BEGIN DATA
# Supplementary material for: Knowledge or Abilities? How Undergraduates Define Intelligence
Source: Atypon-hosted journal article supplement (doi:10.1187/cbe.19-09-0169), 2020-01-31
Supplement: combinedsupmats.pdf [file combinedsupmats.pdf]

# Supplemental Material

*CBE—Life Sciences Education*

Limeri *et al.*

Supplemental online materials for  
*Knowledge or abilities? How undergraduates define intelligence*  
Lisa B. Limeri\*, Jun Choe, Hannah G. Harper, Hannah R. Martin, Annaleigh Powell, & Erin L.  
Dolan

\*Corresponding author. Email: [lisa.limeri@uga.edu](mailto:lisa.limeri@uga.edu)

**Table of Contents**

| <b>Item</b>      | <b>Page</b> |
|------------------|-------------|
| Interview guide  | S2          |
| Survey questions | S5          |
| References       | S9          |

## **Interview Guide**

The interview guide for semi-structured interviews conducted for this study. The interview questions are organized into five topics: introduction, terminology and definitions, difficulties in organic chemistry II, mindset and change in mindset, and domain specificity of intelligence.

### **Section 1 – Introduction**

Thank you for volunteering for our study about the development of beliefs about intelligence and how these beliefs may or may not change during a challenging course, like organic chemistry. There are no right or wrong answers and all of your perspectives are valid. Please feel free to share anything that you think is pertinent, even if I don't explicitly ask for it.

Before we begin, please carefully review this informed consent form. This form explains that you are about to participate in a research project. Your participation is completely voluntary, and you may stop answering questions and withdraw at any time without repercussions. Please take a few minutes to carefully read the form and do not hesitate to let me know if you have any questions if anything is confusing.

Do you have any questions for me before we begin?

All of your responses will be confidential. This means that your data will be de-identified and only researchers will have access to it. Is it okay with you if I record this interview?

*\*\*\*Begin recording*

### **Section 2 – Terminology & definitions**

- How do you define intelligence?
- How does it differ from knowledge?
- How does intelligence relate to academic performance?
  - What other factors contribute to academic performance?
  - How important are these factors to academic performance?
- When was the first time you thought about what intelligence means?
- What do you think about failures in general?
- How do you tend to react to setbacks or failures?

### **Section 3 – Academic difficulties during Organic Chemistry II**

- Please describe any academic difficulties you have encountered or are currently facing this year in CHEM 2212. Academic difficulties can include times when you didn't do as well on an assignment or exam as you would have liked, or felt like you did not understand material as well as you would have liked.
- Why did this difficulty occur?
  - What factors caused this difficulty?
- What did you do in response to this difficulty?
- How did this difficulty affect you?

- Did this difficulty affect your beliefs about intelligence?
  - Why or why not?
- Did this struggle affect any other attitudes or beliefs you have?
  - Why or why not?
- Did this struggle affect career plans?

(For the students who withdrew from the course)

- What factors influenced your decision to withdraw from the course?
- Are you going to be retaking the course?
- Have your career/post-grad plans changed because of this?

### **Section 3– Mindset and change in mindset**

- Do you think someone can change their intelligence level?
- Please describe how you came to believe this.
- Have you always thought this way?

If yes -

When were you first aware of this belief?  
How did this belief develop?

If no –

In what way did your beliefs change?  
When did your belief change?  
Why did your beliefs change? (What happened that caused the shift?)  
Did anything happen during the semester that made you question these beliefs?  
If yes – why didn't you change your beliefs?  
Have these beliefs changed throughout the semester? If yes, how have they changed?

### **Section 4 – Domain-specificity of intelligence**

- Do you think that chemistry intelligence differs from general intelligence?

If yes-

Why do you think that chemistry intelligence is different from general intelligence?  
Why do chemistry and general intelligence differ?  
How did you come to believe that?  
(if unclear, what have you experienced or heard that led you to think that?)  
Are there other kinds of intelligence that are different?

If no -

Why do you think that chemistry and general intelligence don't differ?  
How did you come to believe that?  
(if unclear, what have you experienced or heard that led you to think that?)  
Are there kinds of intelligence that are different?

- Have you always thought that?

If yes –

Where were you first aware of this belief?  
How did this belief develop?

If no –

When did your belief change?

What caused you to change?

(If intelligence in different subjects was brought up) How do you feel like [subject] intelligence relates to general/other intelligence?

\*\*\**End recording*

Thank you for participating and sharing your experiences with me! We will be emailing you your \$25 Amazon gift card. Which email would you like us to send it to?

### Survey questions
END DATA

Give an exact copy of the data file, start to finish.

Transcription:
# Supplementary material for: Knowledge or Abilities? How Undergraduates Define Intelligence
Source: Atypon-hosted journal article supplement (doi:10.1187/cbe.19-09-0169), 2020-01-31
Supplement: combinedsupmats.pdf [file combinedsupmats.pdf]

# Supplemental Material

*CBE—Life Sciences Education*

Limeri *et al.*

Supplemental online materials for  
*Knowledge or abilities? How undergraduates define intelligence*  
Lisa B. Limeri\*, Jun Choe, Hannah G. Harper, Hannah R. Martin, Annaleigh Powell, & Erin L.  
Dolan

\*Corresponding author. Email: [lisa.limeri@uga.edu](mailto:lisa.limeri@uga.edu)

**Table of Contents**

| <b>Item</b>      | <b>Page</b> |
|------------------|-------------|
| Interview guide  | S2          |
| Survey questions | S5          |
| References       | S9          |

## **Interview Guide**

The interview guide for semi-structured interviews conducted for this study. The interview questions are organized into five topics: introduction, terminology and definitions, difficulties in organic chemistry II, mindset and change in mindset, and domain specificity of intelligence.

### **Section 1 – Introduction**

Thank you for volunteering for our study about the development of beliefs about intelligence and how these beliefs may or may not change during a challenging course, like organic chemistry. There are no right or wrong answers and all of your perspectives are valid. Please feel free to share anything that you think is pertinent, even if I don't explicitly ask for it.

Before we begin, please carefully review this informed consent form. This form explains that you are about to participate in a research project. Your participation is completely voluntary, and you may stop answering questions and withdraw at any time without repercussions. Please take a few minutes to carefully read the form and do not hesitate to let me know if you have any questions if anything is confusing.

Do you have any questions for me before we begin?

All of your responses will be confidential. This means that your data will be de-identified and only researchers will have access to it. Is it okay with you if I record this interview?

*\*\*\*Begin recording*

### **Section 2 – Terminology & definitions**

- How do you define intelligence?
- How does it differ from knowledge?
- How does intelligence relate to academic performance?
  - What other factors contribute to academic performance?
  - How important are these factors to academic performance?
- When was the first time you thought about what intelligence means?
- What do you think about failures in general?
- How do you tend to react to setbacks or failures?

### **Section 3 – Academic difficulties during Organic Chemistry II**

- Please describe any academic difficulties you have encountered or are currently facing this year in CHEM 2212. Academic difficulties can include times when you didn't do as well on an assignment or exam as you would have liked, or felt like you did not understand material as well as you would have liked.
- Why did this difficulty occur?
  - What factors caused this difficulty?
- What did you do in response to this difficulty?
- How did this difficulty affect you?

- Did this difficulty affect your beliefs about intelligence?
  - Why or why not?
- Did this struggle affect any other attitudes or beliefs you have?
  - Why or why not?
- Did this struggle affect career plans?

(For the students who withdrew from the course)

- What factors influenced your decision to withdraw from the course?
- Are you going to be retaking the course?
- Have your career/post-grad plans changed because of this?

### **Section 3– Mindset and change in mindset**

- Do you think someone can change their intelligence level?
- Please describe how you came to believe this.
- Have you always thought this way?

If yes -

When were you first aware of this belief?  
How did this belief develop?

If no –

In what way did your beliefs change?  
When did your belief change?  
Why did your beliefs change? (What happened that caused the shift?)  
Did anything happen during the semester that made you question these beliefs?  
If yes – why didn't you change your beliefs?  
Have these beliefs changed throughout the semester? If yes, how have they changed?

### **Section 4 – Domain-specificity of intelligence**

- Do you think that chemistry intelligence differs from general intelligence?

If yes-

Why do you think that chemistry intelligence is different from general intelligence?  
Why do chemistry and general intelligence differ?  
How did you come to believe that?  
(if unclear, what have you experienced or heard that led you to think that?)  
Are there other kinds of intelligence that are different?

If no -

Why do you think that chemistry and general intelligence don't differ?  
How did you come to believe that?  
(if unclear, what have you experienced or heard that led you to think that?)  
Are there kinds of intelligence that are different?

- Have you always thought that?

If yes –

Where were you first aware of this belief?  
How did this belief develop?

If no –

When did your belief change?

What caused you to change?

(If intelligence in different subjects was brought up) How do you feel like [subject] intelligence relates to general/other intelligence?

\*\*\**End recording*

Thank you for participating and sharing your experiences with me! We will be emailing you your \$25 Amazon gift card. Which email would you like us to send it to?

### Survey questions